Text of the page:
General Ben Butler, Butler's Book, Benjamin Butler, p492



On May 27, 1863 the first large battle that included a Black regiment occurred at Port Hudson Louisiana. Butler had mustered them into Union service making them the first Black regiment to service the Union and the only Black regiment to have all Black officers. Butler’s First Regiment of Louisiana Native Guard lived up to their promise to Butler that they would fight with courage and honor. They attacked a heavily defended Confederate fort over five times until their force of 900 men was cut down to less than 300. The following article appeared in the New York Tribute.


"   From " The New-York Tribune," June 8, 1863: -"Nobly done, First Regiment of Louisiana Native Guard!  Though you failed to carry the rebel works against overwhelming numbers, you did not charge and fight and fall in vain.  That heap of six hundred corpses, lying there dark and grim and silent before and within the rebel works, is a better proclamation of freedom than even President Lincoln's.  A race ready to die thus was never yet retained in bondage, and never can be. Even the Wood copperheads, who will not fight themselves, and try to keep others out of the Union ranks, will not dare to mob negro regiments if this is their style of fighting. “


W. W. Brown, The Negro in the American Rebellion, p175

During the siege of Port Huston, a new school house was erected for the black soldiers who had been enlisted in that vicinity. When the school opened, the following speech was made by a colored soldier, called Sergt. Spencer. Spencer gave the following speech at the schools dedication.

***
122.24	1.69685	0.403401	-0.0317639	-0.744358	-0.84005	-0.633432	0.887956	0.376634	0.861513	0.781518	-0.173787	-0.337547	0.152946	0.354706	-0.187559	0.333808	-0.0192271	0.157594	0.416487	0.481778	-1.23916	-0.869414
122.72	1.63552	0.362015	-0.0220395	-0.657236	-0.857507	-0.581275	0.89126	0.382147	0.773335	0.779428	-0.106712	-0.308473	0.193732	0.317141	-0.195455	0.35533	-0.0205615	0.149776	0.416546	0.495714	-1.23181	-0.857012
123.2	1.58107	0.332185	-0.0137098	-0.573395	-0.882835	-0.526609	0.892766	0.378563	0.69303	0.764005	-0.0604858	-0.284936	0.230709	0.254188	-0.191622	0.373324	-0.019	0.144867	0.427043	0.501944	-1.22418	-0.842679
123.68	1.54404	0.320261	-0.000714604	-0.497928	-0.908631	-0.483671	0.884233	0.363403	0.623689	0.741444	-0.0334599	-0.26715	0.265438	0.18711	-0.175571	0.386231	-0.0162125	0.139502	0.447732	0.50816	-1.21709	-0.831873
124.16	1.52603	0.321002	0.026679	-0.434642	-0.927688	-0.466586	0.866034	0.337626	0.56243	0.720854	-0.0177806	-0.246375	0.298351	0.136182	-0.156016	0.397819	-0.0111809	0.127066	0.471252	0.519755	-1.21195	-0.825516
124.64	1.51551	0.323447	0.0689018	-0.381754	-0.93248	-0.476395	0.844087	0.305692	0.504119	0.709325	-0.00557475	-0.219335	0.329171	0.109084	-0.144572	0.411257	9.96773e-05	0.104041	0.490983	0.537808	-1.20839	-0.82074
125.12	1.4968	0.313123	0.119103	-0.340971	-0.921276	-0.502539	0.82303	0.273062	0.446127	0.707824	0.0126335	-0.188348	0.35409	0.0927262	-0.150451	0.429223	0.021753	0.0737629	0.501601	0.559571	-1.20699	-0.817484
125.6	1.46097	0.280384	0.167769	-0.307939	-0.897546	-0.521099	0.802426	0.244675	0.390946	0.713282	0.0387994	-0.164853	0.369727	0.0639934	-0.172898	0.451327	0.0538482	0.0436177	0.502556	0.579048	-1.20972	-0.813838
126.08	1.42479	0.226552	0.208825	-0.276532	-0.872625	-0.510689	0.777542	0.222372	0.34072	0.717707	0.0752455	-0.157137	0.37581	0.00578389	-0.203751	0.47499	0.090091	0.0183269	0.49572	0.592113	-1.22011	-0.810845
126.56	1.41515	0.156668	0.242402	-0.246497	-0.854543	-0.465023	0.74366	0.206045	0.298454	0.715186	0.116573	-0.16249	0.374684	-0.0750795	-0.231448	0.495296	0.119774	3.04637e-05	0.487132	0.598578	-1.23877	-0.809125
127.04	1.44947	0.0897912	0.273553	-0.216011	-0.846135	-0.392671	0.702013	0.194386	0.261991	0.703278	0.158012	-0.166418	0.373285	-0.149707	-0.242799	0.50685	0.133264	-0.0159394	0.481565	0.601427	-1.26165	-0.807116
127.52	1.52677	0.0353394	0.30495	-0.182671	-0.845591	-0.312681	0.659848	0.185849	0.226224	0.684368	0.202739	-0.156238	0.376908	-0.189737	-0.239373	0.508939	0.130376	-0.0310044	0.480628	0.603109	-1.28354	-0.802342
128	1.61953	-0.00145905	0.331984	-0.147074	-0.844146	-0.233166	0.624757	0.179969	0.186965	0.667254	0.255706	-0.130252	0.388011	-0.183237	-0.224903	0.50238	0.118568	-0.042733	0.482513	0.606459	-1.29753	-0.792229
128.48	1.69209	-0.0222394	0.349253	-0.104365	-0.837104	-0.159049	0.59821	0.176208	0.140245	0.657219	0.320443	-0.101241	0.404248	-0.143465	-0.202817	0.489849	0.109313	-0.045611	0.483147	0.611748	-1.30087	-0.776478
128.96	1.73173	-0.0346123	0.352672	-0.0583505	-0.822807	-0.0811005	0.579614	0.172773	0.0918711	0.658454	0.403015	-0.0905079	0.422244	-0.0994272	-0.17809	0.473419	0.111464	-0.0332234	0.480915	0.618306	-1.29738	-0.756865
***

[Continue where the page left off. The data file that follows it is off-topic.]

" I has been a-thinkin' I was old man; for, on de plantation, I was put down wid de old hands, and I quinsicontly feeled myself dat I was a old man.  But since I has come here to de Yankees, and been made a soldier for de Unite States, an' got dese beautiful clothes on. I feels like one young man ; and I doesn't call myself a old man nebber no more. An' I feels dis ebenin' dat, if de rebs came down here to dis old Fort Hudson, dat I could jus fight um as brave as any man what is in the Sebenth Regiment.  Sometimes I has mighty feelins in dis ole heart of mine, when I considers how dese ere ossifers come all de way from de North to fight in de cause what we is fighten fur.  How many ossifers has died, and how many white soldiers has died, in dis great and glorious war what we is in !  And now I feels dat, fore I would turn coward away from dese ossifers, I feels dat I could drink my own blood, and be pierced through wid five thousand bullets.  I feels sometimes as doe I ought to tank Massa Linkern for dis blessin' what we has ; but again I comes to de solemn conclusion dat I ought to tank de Lord, Massa Linkern, and all dese ossifers.  'Fore I would be a slave 'gain, I would fight till de last drop of blood was gone.  I has 'cluded to fight for my liberty, and for dis eddication what we is now to receive in dis beautiful new house what we has.  Also I hasn't got any eddication nor no book-learnin', I has rose up dis blessed ebenin' to do my best afore dis congregation.  Dat's all what I has to say now ; but, at some future occasion, T may say more dan I has to say now, and edify you all when I has more preparation.  Dat's all what I has to say.  Amen."


 W. W. Brown, The Negro in the American Rebellion,  p281